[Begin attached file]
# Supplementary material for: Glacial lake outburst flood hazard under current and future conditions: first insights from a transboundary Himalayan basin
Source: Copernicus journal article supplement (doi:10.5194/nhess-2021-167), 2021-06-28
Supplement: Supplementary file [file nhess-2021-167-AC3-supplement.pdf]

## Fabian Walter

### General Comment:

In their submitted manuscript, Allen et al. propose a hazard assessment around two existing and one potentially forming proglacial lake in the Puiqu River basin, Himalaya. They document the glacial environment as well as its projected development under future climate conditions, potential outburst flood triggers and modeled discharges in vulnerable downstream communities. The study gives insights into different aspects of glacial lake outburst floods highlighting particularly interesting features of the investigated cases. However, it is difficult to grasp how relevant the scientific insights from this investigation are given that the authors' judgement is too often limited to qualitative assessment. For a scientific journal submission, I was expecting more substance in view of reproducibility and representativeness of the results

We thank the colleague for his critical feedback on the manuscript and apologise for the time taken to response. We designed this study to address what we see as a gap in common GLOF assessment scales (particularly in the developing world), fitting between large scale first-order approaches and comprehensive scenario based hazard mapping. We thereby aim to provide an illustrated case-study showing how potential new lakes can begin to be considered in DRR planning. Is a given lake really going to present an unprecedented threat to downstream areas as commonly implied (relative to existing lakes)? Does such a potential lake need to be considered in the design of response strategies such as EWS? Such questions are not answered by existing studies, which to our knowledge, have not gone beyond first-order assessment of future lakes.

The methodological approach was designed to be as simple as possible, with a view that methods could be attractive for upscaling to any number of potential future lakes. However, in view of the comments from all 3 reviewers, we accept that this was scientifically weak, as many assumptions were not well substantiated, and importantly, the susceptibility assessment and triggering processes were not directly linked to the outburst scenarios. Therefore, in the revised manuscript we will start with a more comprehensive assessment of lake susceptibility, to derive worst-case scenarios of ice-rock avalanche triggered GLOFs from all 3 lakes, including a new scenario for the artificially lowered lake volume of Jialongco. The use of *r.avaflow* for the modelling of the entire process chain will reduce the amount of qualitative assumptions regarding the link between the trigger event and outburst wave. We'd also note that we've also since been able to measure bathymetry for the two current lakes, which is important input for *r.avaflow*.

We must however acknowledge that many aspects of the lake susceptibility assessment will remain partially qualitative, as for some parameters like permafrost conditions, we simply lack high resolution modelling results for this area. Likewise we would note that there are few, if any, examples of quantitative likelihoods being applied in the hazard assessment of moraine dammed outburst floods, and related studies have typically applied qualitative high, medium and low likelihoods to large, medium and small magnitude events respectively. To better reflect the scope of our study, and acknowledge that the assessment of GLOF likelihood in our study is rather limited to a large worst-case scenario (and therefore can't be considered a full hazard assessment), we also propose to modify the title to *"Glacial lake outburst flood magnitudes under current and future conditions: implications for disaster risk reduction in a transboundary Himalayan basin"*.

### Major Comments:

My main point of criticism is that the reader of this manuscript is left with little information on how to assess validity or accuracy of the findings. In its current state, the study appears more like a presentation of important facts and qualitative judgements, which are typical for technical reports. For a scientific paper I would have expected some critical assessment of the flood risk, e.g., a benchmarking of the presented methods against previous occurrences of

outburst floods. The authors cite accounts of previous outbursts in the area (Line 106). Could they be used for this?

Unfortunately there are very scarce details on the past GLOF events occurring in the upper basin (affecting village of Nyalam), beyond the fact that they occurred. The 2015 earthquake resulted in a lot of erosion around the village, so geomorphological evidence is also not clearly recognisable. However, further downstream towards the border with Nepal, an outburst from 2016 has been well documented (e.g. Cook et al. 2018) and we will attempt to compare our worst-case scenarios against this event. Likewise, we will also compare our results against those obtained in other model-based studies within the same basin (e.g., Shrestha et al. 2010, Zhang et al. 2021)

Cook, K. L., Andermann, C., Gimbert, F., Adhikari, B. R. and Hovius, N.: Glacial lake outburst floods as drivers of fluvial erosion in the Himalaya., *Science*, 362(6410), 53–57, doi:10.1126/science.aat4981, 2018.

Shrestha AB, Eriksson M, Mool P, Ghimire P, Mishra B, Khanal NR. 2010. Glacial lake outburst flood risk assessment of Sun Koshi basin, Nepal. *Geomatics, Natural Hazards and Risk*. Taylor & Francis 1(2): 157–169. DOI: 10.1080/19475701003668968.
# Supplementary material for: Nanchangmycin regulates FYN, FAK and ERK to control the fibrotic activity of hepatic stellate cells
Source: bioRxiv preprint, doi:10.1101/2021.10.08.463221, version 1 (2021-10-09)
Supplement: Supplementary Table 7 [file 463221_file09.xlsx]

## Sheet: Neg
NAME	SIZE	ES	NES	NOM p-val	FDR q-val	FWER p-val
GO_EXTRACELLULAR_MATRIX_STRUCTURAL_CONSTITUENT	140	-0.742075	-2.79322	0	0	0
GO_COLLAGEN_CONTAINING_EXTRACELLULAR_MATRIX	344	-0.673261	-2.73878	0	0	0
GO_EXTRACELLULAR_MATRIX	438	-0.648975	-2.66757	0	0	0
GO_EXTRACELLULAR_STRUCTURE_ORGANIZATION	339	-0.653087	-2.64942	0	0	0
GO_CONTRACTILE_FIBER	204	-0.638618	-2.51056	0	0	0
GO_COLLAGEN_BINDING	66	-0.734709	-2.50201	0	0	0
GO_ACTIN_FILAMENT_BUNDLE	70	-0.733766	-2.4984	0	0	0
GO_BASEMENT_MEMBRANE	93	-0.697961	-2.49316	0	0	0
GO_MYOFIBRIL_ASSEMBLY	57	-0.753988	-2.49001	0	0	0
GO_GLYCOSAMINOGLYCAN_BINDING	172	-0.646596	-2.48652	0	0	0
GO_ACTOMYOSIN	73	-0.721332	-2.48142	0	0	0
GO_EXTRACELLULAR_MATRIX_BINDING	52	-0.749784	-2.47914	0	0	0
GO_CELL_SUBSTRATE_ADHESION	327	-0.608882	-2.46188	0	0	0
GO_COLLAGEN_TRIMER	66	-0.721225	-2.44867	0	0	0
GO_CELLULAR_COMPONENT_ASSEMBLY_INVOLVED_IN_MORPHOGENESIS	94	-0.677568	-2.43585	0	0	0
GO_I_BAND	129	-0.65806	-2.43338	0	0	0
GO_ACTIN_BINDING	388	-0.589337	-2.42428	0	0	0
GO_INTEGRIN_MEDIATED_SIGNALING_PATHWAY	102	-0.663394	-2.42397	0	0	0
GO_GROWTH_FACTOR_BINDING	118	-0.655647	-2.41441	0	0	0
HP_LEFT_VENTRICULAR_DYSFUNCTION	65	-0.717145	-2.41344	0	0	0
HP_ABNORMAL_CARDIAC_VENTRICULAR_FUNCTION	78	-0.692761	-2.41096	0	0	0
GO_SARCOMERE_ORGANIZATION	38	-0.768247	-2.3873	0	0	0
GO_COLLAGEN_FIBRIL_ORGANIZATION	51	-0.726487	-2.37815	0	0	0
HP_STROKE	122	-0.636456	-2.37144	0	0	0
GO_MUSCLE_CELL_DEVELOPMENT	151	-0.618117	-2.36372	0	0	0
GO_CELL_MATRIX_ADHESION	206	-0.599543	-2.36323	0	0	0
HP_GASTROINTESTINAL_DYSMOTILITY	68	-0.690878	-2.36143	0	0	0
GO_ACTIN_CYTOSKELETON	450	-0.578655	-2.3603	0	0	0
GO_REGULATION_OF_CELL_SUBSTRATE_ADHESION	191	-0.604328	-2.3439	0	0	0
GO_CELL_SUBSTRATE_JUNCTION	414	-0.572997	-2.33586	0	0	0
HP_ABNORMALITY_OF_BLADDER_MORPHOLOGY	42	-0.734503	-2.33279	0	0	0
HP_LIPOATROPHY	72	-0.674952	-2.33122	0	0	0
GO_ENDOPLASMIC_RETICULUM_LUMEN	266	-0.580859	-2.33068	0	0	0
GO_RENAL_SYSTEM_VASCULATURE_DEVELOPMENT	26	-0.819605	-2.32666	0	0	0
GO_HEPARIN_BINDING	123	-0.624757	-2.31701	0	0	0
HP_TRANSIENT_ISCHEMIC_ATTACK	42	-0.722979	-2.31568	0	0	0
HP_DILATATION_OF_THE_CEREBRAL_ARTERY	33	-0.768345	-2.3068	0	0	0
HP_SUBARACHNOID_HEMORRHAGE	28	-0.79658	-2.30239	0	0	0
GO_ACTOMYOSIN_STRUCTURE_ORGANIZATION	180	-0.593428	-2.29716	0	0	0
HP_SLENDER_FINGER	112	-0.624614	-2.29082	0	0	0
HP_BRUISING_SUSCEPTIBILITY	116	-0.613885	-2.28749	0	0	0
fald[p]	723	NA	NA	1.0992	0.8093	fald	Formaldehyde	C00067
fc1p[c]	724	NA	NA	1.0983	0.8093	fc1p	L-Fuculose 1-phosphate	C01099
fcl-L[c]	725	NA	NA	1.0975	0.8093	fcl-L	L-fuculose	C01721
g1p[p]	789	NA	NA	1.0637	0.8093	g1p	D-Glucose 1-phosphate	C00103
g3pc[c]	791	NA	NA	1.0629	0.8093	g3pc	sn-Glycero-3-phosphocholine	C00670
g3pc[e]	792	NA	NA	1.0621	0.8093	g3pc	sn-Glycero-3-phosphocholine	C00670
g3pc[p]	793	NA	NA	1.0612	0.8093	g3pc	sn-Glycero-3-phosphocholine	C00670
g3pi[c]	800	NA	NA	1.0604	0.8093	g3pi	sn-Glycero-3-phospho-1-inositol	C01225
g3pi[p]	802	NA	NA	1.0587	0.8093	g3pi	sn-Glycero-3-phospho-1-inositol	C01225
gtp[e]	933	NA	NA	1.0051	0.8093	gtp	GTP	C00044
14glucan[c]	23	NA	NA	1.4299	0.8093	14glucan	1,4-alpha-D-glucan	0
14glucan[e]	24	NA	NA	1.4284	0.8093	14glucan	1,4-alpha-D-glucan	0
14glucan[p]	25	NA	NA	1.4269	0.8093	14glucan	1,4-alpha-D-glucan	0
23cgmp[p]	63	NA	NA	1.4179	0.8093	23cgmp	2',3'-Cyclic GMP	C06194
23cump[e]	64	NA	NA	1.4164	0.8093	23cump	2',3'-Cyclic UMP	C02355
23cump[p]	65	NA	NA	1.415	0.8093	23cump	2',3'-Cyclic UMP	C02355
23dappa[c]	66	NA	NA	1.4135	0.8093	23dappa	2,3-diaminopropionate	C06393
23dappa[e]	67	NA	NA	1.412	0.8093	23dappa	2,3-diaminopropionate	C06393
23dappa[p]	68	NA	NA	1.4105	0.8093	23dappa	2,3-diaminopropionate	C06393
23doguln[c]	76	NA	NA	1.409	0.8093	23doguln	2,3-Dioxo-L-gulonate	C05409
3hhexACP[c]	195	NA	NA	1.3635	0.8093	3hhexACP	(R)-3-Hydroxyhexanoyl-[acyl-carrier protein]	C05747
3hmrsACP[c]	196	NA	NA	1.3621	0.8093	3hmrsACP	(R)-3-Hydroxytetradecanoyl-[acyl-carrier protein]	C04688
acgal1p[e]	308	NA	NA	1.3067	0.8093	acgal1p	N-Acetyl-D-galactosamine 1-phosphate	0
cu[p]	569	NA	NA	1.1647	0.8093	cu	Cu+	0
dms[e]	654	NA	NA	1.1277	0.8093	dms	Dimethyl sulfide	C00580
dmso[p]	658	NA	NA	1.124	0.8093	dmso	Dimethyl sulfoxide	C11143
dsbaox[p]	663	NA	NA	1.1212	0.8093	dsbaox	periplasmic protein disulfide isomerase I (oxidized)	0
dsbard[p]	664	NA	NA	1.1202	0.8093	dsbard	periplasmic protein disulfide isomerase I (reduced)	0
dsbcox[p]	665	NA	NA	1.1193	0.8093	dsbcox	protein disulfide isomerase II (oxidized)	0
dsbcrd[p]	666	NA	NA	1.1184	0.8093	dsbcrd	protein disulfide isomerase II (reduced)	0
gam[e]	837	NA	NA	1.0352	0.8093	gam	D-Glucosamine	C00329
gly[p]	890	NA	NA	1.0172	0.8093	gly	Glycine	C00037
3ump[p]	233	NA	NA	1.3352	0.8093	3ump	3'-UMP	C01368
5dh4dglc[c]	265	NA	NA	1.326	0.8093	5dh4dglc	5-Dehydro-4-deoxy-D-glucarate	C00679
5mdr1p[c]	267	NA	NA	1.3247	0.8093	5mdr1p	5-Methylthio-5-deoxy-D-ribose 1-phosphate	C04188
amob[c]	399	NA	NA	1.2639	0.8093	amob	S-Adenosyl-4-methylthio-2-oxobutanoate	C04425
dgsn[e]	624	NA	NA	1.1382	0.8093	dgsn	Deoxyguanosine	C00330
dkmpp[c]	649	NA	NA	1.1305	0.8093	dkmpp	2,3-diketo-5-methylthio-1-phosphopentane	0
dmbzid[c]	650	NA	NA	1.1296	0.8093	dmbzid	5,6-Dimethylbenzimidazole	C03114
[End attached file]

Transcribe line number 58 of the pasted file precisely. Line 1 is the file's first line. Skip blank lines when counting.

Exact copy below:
HP_SUBARACHNOID_HEMORRHAGE	28	-0.79658	-2.30239	0	0	0